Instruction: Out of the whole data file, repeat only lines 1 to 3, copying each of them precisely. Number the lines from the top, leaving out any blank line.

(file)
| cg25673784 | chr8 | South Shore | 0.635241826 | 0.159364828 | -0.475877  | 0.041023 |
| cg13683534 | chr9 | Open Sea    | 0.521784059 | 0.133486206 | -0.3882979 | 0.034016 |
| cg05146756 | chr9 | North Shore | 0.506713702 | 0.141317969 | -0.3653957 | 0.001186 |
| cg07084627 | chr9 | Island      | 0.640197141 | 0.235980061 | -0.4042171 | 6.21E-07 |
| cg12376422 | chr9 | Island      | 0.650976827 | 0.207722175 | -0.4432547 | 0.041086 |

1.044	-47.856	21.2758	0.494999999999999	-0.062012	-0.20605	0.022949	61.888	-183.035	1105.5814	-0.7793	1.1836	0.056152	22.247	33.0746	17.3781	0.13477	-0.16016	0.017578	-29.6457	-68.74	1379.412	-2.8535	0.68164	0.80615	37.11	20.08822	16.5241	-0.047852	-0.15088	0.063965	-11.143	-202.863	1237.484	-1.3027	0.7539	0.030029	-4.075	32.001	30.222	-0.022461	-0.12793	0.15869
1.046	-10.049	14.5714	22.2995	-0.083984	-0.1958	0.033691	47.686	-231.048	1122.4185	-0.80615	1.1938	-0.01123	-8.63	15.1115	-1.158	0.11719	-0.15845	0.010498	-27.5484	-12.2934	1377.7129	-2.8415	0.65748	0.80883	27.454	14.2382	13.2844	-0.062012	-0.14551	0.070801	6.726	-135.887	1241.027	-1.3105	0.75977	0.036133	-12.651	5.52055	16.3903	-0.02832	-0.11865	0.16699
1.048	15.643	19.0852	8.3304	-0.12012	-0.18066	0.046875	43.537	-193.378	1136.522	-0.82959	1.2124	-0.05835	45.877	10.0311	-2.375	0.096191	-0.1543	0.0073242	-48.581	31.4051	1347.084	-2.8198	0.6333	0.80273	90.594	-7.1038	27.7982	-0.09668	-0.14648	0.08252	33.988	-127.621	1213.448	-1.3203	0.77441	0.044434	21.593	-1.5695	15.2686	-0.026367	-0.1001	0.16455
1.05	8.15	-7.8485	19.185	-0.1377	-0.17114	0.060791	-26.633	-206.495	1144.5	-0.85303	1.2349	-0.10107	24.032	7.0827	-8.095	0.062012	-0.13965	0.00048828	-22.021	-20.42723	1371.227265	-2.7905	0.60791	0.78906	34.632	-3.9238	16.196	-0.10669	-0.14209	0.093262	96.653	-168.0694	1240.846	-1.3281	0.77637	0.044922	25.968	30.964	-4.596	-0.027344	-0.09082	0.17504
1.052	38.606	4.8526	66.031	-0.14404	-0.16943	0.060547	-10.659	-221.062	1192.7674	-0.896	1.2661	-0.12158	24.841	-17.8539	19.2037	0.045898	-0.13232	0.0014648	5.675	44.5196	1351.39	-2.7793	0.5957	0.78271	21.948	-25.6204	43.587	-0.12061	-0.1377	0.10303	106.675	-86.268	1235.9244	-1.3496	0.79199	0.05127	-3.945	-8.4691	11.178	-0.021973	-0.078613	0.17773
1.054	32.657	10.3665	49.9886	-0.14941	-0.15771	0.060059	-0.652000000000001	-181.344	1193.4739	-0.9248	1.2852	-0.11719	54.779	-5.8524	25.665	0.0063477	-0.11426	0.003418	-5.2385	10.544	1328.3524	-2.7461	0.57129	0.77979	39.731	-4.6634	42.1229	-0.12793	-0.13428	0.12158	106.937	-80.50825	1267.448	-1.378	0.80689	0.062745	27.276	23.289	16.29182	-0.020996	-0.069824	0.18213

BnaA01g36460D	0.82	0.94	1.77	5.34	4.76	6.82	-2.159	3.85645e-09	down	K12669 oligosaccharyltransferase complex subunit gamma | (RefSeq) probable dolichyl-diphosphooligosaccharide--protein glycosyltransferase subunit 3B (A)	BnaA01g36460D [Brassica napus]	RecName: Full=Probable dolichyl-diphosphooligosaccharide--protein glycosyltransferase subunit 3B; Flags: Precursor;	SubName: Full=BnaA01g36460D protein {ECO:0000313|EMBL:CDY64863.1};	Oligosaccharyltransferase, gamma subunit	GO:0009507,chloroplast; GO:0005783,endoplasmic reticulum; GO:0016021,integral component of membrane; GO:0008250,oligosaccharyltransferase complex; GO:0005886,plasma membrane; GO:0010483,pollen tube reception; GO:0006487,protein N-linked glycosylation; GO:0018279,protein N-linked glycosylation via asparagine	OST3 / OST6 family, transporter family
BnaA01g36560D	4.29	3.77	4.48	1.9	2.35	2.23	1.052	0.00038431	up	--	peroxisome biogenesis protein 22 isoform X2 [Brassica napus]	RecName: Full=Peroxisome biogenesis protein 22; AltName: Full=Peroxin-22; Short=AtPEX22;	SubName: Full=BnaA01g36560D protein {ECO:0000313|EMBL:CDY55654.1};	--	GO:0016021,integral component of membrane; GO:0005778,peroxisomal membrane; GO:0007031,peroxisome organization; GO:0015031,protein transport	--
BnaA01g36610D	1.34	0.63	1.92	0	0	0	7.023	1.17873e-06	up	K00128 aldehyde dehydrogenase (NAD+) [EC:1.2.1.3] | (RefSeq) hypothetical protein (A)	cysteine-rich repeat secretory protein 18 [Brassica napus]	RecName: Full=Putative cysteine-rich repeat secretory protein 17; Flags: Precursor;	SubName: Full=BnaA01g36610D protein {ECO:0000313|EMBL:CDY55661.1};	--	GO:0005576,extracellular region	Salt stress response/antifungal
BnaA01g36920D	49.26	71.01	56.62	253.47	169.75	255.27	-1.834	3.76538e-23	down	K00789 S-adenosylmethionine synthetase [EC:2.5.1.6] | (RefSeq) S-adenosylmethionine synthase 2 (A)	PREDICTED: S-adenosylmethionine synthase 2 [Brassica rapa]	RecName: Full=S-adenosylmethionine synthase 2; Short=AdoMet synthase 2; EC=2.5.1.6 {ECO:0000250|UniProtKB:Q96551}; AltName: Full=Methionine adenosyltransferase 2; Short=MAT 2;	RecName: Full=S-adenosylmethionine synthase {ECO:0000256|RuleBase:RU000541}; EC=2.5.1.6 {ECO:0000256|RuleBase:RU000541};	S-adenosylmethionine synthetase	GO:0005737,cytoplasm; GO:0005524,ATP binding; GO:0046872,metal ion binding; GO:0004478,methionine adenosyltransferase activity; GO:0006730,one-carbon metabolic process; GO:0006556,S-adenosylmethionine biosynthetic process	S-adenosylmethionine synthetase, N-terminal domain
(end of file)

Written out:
| cg25673784 | chr8 | South Shore | 0.635241826 | 0.159364828 | -0.475877  | 0.041023 |
| cg13683534 | chr9 | Open Sea    | 0.521784059 | 0.133486206 | -0.3882979 | 0.034016 |
| cg05146756 | chr9 | North Shore | 0.506713702 | 0.141317969 | -0.3653957 | 0.001186 |